Keneth Levine

PHIDEAUX is one of the best modern progressive-rock albums I've heard in quite a while.
The greatest thing about the music in this album is the fact that it's never ashamed to be full-blown progressive-rock, from the long songs to the unusual structures to the instrumental sections and the displays of technique, "Doomsday Afternoon" is as honest a prog-rock album as any.
And that's made even clearer by the constant references to the past that we hear when the disc is spinning. The influence of bands like GENESIS, VAN DER GRAF GENERATOR or JETHRO TULL is pretty evident from the beginning to the end of the album, particularly of the first one mentioned. Another shadow from the 70's that looms big over PHIDEAUX's music is without a doubt PINK FLOYD's. One could say that "Doomsday Afternoon", in a way, pays homage to many artists of a long past decade.
But at the same time, the music never sounds old or totally retro. The music is modern, with hints and touches of more avant sounds and also many passages when the influence of modern bands can be felt. One can distinguish neo-prog references here, PORCUPINE TREE touches there, and even bands from different sonic worlds like space-rock/metal legend AYREON seem to have marked Phideaux Xavier, the mastermind behind this music. All of these influences are blended into one very coherent whole to create a very unique sound, which sounds new yet also old, which takes us to the future but also drives us back to the past.
The music is melodic, very melodic, but harmony, rhythm and technique receive special treatment, too. The long songs usually have extended instrumental sections of various different characters. The musicianship here is outstanding. The various females singers add a touch of beauty to Xavier's quite ironic and dry vocals; the man himself in the piano and the guitar never ceases to create beautiful arrangements, and his various partners fit the music perfectly, the bass player being a perfect example. Add several non-traditional-rock instruments to the mix (flute, strings) and what we get is an experience of the highest caliber.
PHIDEAUX has really surprised me. There's no question that this was one of the best albums of its year, and a modern masterpiece, worthy of 5/5 stars.
Teodoro GomezdelaTorre R.

Last year I listened to Phideaux their previous effort entitled The Great Leap, I was quite disappointed and even decided not to review it, in general I cannot motivate myself to write about music I don't like. But this album is another story: because of the many positive, often sheer euphoric reviews here on Prog Archives (already 32!) I asked a good friend to borrow me Doomsday Afternoon and from the first listening session I was pleased with their 'new' sound.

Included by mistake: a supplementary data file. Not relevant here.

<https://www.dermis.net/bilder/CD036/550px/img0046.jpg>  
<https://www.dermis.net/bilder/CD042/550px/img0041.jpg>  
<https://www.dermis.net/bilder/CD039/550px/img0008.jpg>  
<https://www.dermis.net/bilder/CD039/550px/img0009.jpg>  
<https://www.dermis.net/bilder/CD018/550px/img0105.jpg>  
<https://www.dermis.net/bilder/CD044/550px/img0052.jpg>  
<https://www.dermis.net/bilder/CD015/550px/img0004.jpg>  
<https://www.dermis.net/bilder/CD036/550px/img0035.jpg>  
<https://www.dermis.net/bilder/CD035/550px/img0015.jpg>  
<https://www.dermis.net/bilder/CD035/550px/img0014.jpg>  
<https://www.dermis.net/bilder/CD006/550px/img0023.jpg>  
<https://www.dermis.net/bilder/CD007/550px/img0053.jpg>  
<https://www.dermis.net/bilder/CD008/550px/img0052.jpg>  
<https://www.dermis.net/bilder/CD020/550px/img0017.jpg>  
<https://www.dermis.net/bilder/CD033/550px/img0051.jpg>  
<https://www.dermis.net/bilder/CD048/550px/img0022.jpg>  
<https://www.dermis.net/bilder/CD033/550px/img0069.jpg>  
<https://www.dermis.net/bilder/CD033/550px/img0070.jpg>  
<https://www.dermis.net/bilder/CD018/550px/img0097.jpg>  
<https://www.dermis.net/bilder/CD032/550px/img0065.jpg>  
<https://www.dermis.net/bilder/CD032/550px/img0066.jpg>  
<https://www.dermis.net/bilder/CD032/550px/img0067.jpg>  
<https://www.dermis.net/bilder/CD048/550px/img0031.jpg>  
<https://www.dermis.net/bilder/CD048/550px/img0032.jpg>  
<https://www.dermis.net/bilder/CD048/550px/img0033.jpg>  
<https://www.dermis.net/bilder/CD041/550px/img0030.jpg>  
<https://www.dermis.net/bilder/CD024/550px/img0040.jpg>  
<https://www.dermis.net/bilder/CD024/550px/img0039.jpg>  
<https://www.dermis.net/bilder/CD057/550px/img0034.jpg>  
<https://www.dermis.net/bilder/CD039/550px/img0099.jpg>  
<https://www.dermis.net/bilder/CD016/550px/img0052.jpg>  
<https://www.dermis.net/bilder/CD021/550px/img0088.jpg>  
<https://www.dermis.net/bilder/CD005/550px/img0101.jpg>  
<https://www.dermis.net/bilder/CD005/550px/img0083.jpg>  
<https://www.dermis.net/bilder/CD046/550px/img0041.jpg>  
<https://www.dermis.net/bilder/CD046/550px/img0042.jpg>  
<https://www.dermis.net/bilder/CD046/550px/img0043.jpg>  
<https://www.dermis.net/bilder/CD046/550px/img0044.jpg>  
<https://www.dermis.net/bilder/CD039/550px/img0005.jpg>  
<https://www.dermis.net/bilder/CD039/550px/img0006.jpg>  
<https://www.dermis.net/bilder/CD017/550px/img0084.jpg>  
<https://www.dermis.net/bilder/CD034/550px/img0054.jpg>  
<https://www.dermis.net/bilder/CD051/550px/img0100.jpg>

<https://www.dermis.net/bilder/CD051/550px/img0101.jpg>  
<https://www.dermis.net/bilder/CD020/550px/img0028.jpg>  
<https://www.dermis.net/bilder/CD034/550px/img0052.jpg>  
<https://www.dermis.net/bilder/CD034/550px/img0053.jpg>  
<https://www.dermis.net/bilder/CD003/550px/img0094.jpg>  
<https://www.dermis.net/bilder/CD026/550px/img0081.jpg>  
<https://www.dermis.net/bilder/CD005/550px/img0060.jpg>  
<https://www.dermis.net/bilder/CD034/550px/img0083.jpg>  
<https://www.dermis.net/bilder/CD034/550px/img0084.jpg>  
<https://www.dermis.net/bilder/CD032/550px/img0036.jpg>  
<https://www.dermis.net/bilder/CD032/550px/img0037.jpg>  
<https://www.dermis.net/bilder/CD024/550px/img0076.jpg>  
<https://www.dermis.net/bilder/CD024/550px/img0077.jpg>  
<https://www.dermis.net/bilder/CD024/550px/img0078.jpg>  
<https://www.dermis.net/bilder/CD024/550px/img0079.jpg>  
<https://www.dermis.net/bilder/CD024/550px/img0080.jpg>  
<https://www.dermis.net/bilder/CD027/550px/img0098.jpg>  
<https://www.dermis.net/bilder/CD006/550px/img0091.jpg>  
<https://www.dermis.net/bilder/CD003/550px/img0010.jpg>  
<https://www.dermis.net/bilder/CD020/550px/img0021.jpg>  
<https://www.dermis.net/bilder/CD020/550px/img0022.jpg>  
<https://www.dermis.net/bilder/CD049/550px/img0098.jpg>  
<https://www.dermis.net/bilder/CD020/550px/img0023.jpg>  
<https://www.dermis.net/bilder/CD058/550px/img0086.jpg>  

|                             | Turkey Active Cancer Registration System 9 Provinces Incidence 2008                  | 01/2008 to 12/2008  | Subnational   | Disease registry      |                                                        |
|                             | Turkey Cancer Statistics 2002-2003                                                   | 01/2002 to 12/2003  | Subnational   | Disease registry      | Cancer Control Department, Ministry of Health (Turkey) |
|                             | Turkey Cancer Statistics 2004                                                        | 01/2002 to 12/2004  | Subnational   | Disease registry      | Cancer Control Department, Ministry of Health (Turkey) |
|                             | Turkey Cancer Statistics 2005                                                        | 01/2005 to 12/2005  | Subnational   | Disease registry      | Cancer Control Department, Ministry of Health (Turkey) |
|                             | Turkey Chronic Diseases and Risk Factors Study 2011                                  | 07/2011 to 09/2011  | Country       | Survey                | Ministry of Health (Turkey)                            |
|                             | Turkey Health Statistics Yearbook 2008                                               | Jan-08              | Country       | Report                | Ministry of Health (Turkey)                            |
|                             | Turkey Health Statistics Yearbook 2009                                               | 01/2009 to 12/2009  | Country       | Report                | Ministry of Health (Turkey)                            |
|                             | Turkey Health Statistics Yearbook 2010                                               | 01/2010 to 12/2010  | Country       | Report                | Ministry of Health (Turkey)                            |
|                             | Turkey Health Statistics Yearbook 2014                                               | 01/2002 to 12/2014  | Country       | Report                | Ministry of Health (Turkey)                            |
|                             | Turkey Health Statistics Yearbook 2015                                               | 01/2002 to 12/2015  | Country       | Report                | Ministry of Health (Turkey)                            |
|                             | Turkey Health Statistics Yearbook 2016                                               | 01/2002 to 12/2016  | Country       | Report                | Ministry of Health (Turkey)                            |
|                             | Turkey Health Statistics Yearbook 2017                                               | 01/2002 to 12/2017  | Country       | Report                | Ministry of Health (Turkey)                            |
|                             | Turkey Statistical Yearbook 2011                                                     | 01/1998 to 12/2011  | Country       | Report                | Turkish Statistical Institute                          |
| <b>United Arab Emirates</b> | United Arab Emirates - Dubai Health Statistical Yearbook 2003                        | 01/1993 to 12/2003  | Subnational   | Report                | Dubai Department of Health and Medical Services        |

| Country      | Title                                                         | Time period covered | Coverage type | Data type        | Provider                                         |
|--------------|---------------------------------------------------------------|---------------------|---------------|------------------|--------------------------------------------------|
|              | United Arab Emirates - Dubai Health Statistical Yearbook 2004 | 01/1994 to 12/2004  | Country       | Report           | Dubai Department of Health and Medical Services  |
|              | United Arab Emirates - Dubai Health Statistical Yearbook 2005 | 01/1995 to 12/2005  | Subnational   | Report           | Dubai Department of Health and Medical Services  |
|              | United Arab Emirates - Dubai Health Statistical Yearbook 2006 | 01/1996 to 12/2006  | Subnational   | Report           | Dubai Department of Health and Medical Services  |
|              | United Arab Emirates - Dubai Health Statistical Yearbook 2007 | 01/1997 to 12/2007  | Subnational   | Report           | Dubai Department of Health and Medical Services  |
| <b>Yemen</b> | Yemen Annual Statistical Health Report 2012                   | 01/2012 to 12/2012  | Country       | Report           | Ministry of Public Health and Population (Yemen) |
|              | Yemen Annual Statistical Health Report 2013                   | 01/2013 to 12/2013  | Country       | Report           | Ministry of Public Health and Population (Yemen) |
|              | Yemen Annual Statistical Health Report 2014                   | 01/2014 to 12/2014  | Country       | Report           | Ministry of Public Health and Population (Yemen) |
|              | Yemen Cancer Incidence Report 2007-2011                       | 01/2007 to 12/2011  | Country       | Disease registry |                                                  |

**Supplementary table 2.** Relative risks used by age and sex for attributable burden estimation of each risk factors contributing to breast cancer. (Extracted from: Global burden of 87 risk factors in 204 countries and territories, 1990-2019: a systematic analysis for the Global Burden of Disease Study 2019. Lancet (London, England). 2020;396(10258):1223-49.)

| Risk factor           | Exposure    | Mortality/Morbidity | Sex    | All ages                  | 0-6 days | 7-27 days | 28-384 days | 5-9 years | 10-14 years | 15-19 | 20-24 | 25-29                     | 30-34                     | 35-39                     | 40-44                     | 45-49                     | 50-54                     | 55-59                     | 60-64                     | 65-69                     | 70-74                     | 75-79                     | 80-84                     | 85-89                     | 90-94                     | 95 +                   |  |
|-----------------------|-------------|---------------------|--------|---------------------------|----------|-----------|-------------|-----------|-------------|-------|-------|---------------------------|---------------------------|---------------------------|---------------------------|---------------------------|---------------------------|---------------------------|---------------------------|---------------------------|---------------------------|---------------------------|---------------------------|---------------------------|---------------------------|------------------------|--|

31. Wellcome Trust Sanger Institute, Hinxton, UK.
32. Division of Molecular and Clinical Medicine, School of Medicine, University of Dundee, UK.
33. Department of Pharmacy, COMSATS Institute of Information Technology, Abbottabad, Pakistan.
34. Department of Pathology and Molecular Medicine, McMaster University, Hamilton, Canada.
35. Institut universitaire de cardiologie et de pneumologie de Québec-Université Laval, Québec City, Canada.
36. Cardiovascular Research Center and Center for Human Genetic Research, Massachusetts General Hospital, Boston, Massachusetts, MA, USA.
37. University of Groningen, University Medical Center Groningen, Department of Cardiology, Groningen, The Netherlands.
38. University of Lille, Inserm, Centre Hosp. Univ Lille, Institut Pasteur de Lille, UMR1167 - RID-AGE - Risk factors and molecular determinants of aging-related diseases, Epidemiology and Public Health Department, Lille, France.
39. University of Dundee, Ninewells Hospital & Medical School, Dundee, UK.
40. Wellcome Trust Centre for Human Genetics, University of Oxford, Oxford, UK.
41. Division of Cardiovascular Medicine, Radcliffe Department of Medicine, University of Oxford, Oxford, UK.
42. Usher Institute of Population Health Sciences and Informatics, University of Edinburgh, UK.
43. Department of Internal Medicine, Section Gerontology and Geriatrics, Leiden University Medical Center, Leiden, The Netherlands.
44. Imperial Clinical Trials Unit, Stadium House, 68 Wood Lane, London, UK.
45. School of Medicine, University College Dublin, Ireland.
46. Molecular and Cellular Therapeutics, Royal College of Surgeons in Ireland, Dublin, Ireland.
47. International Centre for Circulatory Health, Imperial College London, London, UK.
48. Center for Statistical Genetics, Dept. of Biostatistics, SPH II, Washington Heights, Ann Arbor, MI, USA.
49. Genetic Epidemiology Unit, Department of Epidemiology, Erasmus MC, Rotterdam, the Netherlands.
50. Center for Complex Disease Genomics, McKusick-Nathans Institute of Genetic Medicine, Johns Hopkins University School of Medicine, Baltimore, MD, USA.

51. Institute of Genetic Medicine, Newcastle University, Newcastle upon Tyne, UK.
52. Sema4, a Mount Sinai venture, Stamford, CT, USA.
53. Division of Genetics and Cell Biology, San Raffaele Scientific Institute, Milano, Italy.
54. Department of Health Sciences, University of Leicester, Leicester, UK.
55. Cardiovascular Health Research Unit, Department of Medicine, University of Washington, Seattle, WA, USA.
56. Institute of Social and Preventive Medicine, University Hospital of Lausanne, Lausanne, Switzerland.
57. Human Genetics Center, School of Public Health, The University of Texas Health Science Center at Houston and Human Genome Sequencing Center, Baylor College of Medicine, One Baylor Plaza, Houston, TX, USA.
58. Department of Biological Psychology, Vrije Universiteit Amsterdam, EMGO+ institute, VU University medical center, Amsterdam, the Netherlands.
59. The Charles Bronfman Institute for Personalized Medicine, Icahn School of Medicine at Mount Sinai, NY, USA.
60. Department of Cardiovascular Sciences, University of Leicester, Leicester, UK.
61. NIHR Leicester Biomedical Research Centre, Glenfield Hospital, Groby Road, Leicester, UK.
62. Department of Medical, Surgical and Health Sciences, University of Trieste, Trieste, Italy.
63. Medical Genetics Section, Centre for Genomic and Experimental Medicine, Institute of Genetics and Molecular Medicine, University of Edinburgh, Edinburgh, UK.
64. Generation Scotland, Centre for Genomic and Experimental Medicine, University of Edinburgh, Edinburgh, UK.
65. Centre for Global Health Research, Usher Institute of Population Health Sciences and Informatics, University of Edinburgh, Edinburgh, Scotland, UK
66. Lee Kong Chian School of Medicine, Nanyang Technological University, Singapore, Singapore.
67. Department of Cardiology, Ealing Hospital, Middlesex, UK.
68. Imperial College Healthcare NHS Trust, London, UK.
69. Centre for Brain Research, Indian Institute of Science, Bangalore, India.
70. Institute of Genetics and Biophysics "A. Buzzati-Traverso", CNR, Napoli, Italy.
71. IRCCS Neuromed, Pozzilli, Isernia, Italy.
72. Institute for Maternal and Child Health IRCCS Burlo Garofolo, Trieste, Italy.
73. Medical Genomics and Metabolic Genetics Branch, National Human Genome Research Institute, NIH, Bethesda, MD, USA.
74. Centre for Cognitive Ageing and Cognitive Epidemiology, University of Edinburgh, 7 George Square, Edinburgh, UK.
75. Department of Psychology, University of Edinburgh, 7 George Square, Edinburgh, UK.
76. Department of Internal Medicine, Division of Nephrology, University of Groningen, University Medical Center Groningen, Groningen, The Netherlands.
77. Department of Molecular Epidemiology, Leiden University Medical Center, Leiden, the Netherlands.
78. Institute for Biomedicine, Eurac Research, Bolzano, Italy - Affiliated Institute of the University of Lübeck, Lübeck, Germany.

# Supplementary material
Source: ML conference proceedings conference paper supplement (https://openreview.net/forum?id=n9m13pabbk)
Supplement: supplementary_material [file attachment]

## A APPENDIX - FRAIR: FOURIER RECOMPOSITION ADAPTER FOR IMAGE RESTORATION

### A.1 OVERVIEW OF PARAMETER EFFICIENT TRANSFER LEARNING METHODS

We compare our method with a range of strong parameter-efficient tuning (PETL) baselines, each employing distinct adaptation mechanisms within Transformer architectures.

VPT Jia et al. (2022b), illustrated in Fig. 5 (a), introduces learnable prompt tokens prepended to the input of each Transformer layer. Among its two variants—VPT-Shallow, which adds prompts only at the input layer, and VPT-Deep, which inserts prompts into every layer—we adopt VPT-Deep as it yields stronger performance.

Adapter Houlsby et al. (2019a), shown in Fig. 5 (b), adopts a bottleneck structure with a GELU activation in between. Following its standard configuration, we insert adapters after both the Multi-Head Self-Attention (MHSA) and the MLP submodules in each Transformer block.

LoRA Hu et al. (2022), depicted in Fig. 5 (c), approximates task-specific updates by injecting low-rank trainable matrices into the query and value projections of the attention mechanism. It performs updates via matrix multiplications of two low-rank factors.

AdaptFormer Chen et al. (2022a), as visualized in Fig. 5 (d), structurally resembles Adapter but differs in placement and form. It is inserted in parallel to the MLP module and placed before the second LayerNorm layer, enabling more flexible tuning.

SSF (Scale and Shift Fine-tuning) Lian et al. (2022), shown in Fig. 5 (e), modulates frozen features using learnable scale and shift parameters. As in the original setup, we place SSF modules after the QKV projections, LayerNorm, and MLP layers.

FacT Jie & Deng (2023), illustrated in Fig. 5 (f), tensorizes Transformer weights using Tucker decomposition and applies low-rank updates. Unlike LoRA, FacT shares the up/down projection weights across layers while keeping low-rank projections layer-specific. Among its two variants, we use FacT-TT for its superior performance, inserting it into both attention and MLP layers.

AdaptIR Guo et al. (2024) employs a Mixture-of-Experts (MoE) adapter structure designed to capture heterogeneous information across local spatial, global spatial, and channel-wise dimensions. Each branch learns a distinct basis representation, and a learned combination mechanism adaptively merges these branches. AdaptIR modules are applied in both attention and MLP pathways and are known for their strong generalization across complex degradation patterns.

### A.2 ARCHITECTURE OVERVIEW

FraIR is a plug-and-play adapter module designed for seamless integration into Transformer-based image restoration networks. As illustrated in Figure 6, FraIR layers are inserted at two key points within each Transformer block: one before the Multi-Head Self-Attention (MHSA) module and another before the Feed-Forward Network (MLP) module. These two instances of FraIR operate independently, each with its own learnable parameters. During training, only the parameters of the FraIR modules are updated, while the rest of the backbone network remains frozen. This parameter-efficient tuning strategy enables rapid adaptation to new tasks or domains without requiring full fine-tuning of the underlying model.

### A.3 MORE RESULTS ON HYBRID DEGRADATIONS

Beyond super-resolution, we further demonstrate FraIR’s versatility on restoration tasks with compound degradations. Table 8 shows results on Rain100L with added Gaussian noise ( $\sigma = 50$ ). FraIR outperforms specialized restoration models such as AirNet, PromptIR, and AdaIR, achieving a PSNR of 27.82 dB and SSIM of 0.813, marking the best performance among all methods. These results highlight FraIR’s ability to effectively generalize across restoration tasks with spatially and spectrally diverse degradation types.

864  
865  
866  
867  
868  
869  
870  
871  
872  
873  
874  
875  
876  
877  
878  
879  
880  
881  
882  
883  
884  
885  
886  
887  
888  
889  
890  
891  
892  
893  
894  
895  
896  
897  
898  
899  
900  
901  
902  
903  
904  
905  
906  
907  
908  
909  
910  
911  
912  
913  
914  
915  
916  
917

The CD Doomsday Afternoon is a concept album with the subtitle An Eco Terror Tale, in a great way supported by mindblowing paintings that look like a blend of Hieronymus Bosch (madness and fear), Vincent Van Gogh (expressive colours) and Gerald Scarfe (venomous look on mankind). The music sounds as a blend of Art-rock, progressive pop and symphonic rock, on one hand melodic and accessible but on the other hand very alternating and elaborate featuring lots of good musical ideas and interesting shifting moods, from dreamy and atmospheric to compelling, a tight mid-tempo or bombastic. I am delighted about the omnipresent 'vintage' keyboard sound like in The Doctrine Of Eternal Ice (Part One with fat Minimoog flights and the warm ARP string-ensemble and Part Two with Minimoog, ARP string-ensemble, Fender Rhodes electric piano and the distinctive swinging clavinet sound) and Candybrain featuring an acoustic rhythm guitar with Hammond organ. We can also enjoy an orchestra with woodwind instruments (French horn, clarinet and trumpet) and violins and the both male as female vocals are strong and varied, including Matthew Parmenter who performed in 2005 on the USA Nearfest festival along Le Orme and IQ. My highlight on this new album is the final composition (at about 15 minutes): first soaring Hammond organ waves, then a tight mid-tempo with a very tasteful keyboard colouring and strong vocals. During the sparkling violin soli I am in Seventies Kansas Heaven! After a fiery guitar solo the final part contains a melancholical atmosphere (that matches perfectly with the subtitle and concept of Doomsday Afternoon) delivering dreamy paino work and wailing violin play, is this a musical prologue that warnes we are on the brink of polluting ourselves to a slow death?